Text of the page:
Prince Harry’s former regiment gave The Sun a rare tour of the Cyprus buffer zone – a bullet-riddled no man’s land where time had frozen for half a century.
Thousands of families were suddenly forced to flee after Turkish forces carried out an invasion in 1974 that led to the partition of the island.
From new cars to dishes in the sink, everything lies deserted in an eerie 118 miles of land that separates north and south Cyprus.
We joined the blues and royals as they patrolled part of the Nicosia buffer zone last week as part of their role as United Nations (UN) peacekeepers.
In scenes more reminiscent of Chernobyl than a sweltering British holiday destination, we were taken through homes and businesses that had remained nearly untouched for decades.
Rusted children’s tricycles sat on a dusty ramp that led to a remarkable dealership full of unused Toyota Corollas.
There were hundreds of bullet holes in hotels and private schools – a harrowing reminder of the hundreds who died in the conflict.
Lieutenant Charlie Wallace led us down a street – called Spear Alley – where the no-man’s-land passage is only ten feet wide.
Here, in 1989, a Turkish soldier was stabbed to death by a Greek force who tied a bayonet to a long piece of bamboo.
That same year, an agreement called for troops to be pushed back from the buffer zone to prevent war from breaking out.
Now both sides are watching from a series of surveillance cameras spread along the DMZ or from several checkpoints at the border.
In a cat-and-mouse game, sometimes each side will try their luck and conquer several inches of land by moving bricks or barrels.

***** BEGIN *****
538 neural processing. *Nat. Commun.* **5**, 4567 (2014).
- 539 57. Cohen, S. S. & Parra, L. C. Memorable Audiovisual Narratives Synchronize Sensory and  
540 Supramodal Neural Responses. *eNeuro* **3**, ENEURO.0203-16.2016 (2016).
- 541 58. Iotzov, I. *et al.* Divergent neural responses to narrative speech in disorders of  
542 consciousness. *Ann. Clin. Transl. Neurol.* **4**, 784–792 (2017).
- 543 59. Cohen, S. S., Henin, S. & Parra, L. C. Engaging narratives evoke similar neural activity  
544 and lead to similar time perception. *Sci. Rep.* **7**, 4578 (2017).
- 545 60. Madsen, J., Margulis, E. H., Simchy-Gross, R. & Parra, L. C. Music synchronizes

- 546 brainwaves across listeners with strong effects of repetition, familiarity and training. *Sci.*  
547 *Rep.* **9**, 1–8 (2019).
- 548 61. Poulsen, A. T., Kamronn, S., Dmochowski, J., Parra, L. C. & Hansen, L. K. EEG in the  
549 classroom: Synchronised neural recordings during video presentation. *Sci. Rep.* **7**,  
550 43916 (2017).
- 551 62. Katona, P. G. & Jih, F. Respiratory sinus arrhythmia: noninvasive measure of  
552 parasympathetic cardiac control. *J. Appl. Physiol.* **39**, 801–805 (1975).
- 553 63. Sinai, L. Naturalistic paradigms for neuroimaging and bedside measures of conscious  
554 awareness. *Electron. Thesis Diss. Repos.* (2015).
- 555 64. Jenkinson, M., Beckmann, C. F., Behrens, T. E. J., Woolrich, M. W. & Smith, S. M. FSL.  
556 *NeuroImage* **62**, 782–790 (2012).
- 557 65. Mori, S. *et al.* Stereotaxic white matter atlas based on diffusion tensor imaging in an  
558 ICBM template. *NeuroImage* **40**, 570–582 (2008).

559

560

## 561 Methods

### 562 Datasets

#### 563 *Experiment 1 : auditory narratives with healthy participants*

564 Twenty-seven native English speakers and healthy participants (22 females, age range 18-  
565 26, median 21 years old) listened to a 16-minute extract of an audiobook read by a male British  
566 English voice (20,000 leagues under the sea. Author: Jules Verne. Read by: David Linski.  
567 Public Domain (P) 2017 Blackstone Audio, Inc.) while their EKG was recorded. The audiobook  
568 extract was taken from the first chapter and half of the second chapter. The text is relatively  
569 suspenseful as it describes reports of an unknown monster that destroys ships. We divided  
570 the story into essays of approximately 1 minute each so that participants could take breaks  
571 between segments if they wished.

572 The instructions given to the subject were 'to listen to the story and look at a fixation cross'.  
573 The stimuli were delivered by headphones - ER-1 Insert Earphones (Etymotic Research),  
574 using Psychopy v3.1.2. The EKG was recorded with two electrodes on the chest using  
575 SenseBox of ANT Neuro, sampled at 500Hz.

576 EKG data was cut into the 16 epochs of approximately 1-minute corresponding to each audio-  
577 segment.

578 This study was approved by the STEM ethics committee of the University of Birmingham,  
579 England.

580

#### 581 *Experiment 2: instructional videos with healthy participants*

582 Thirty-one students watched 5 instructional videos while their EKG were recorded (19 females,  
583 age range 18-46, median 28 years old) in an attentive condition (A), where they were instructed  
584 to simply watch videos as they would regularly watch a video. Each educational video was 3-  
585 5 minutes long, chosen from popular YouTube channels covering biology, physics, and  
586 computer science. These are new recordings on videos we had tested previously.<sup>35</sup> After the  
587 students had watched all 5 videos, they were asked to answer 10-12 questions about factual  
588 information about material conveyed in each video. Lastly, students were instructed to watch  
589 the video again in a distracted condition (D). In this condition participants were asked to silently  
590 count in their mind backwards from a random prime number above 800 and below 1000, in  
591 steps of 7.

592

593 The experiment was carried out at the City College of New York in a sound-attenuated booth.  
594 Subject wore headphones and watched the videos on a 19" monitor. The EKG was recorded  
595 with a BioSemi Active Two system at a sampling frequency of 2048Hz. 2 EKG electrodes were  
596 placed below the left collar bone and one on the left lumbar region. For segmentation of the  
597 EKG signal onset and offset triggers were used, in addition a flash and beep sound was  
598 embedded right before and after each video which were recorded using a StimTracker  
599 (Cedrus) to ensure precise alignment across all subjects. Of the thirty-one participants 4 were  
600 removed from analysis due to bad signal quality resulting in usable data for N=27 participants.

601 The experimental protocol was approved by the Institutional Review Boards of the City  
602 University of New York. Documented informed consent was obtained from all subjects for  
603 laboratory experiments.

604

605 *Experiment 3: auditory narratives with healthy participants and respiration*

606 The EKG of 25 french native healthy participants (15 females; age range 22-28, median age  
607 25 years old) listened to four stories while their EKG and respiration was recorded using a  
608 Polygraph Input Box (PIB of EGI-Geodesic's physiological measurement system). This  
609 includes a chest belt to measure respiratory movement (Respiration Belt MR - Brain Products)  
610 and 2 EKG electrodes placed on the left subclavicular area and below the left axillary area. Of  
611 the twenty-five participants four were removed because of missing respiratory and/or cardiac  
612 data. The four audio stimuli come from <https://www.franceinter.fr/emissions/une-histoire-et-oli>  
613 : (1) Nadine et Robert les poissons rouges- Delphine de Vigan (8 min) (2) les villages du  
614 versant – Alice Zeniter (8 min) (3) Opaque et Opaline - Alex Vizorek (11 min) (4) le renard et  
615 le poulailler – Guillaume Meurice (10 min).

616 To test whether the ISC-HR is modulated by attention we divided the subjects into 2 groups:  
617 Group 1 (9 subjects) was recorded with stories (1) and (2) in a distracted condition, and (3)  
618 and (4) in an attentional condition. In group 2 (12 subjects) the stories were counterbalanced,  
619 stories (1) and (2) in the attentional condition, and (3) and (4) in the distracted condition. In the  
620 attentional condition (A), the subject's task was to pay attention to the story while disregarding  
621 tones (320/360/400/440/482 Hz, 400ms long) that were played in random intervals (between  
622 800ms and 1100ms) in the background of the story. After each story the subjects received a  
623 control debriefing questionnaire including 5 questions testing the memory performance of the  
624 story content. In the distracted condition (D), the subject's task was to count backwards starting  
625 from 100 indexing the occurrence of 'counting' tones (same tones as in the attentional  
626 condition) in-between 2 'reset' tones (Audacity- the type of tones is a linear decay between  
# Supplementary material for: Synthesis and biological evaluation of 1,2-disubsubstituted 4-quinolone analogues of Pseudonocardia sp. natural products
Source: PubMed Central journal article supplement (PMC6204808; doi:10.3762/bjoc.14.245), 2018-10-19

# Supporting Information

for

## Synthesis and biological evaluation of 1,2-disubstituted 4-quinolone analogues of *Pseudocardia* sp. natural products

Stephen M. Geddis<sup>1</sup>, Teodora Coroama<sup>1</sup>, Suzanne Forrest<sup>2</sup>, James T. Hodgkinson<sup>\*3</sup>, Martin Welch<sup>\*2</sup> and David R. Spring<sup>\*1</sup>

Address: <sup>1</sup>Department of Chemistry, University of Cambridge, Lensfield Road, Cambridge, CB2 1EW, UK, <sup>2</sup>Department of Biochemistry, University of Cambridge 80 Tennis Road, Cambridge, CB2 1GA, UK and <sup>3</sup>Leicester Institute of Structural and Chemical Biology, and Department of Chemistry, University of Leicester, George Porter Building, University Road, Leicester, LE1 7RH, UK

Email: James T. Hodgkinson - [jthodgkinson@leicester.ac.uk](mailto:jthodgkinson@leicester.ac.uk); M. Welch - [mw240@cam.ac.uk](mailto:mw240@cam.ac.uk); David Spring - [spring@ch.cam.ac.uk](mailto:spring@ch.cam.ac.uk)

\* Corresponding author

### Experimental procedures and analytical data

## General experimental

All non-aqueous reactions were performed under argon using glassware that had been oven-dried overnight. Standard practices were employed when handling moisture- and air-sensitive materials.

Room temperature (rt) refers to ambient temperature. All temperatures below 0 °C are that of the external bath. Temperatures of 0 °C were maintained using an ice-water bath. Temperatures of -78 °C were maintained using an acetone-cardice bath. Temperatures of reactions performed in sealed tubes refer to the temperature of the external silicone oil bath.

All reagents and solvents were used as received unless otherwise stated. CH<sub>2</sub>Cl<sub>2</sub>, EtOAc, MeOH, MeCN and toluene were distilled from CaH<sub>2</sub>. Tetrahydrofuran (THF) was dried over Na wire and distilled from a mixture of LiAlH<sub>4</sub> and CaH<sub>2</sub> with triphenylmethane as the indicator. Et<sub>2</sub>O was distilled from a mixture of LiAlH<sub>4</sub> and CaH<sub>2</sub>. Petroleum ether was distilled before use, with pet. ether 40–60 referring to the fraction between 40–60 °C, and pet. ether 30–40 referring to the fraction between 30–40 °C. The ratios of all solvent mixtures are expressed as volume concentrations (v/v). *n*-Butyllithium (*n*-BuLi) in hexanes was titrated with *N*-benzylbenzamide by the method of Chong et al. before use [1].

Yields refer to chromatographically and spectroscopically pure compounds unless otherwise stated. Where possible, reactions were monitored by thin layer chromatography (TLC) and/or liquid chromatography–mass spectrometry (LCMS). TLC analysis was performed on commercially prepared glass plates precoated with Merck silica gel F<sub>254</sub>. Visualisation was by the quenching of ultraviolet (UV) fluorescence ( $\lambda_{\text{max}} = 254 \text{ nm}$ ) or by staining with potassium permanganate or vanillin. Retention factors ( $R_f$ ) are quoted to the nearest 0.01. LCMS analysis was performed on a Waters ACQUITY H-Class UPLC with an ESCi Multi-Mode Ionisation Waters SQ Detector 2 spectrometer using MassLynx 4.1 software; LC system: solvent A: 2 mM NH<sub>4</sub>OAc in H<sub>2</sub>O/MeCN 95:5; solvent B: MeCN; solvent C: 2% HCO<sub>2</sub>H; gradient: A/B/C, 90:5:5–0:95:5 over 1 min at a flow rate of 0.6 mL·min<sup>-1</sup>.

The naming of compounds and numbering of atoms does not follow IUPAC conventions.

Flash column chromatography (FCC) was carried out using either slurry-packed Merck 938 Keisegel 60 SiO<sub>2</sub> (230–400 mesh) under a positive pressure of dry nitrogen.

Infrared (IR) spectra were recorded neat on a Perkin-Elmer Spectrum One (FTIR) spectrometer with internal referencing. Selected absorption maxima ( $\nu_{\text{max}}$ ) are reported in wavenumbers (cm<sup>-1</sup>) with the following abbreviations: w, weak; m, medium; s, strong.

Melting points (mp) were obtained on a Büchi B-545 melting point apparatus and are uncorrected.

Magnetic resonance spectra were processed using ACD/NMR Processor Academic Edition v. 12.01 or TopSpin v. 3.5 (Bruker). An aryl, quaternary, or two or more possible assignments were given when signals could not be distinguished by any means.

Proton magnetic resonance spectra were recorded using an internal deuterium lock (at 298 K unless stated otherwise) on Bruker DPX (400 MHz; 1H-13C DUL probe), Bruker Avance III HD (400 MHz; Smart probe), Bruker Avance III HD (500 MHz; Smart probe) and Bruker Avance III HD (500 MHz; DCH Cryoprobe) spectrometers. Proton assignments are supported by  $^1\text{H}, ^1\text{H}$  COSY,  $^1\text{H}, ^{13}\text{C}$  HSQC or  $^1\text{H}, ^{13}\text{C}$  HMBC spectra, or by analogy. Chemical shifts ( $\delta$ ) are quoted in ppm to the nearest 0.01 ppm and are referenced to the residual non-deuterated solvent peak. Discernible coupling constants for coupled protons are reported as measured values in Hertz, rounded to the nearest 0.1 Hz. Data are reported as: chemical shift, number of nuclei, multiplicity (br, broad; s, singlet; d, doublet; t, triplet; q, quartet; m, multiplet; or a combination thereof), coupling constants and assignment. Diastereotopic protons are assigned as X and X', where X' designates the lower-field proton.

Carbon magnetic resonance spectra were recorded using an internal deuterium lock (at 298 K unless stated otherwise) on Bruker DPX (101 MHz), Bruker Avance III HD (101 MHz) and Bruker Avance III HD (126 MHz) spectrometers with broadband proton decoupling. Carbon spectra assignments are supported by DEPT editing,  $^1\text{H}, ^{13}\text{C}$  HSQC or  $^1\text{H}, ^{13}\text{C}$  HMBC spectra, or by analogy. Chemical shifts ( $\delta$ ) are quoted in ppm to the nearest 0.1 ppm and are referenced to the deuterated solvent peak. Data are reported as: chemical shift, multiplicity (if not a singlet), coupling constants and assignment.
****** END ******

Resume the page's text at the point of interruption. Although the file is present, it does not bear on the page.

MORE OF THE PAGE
We toured a number of apartments overlooking the border – and saw panicked books and clothes hanging out of washing machines.
Dishes lay in the sink and were left behind when gunshots rang out, and televisions, toys, and movies remained exactly where they were once used.
12th-century churches – with Crusader coats of arms – could be seen along some sections of the trail.
Our trip ended at the Ledra Palace Hotel – a former five star hotel frequented by the likes of Elizabeth Taylor and now a base for British troops.
Videos on YouTube show a heavy firefight right on the ground we were standing on, with the same interior decor and the plant pots that once served as a cover that are still on display.
And while the buildings remain the same throughout the zone, flowers grow through the barbed wire separating both sides.
The commanding officer, Lieutenant Colonel Roland Spiller, is stationed in Cyprus after attending the procession for the king’s coronation last month.
He said: “The UN buffer zone is there to prevent a repeat of fighting like everything we saw in 1974.”
“The British Army provides everything from permanent patrols to crisis search capabilities.
“We’re asserting ourselves as Sector Two, providing an ops company to patrol the buffer zone, ensuring that both sides can have confidence that the other side is not committing any violations.”
“In particular, large parts of the center are subject to a 1989 agreement to withdraw soldiers from the area to defuse tensions, as checkpoints are often only meters apart.”
“And when soldiers stood side by side and were deeply angry, that was just a recipe for trouble.”
“So what the UN could do is encourage both sides to demilitarize those areas, and we then patrol there constantly to make sure neither side builds fortifications or pushes people back into areas they agreed to emasculate.”
The buffer zone is divided into three zones, with half of the 240 British Army soldiers in the area stationed in the second sector.
The other areas are occupied by Argentinian and Slovak soldiers as part of their contribution to the UN peacekeeping mission.
For the past five decades, Cyprus has been divided between the Southern Republic of Cyprus and the Turkish Republic of Northern Cyprus, recognized only by Turkey.
Previous attempts to unite the sides have failed, but conflict appears to have subsided, with the last shooting in the area in 1994.
One of the main issues that remains to be resolved between the sides is security, as there are still more than 30,000 Turkish troops in the north.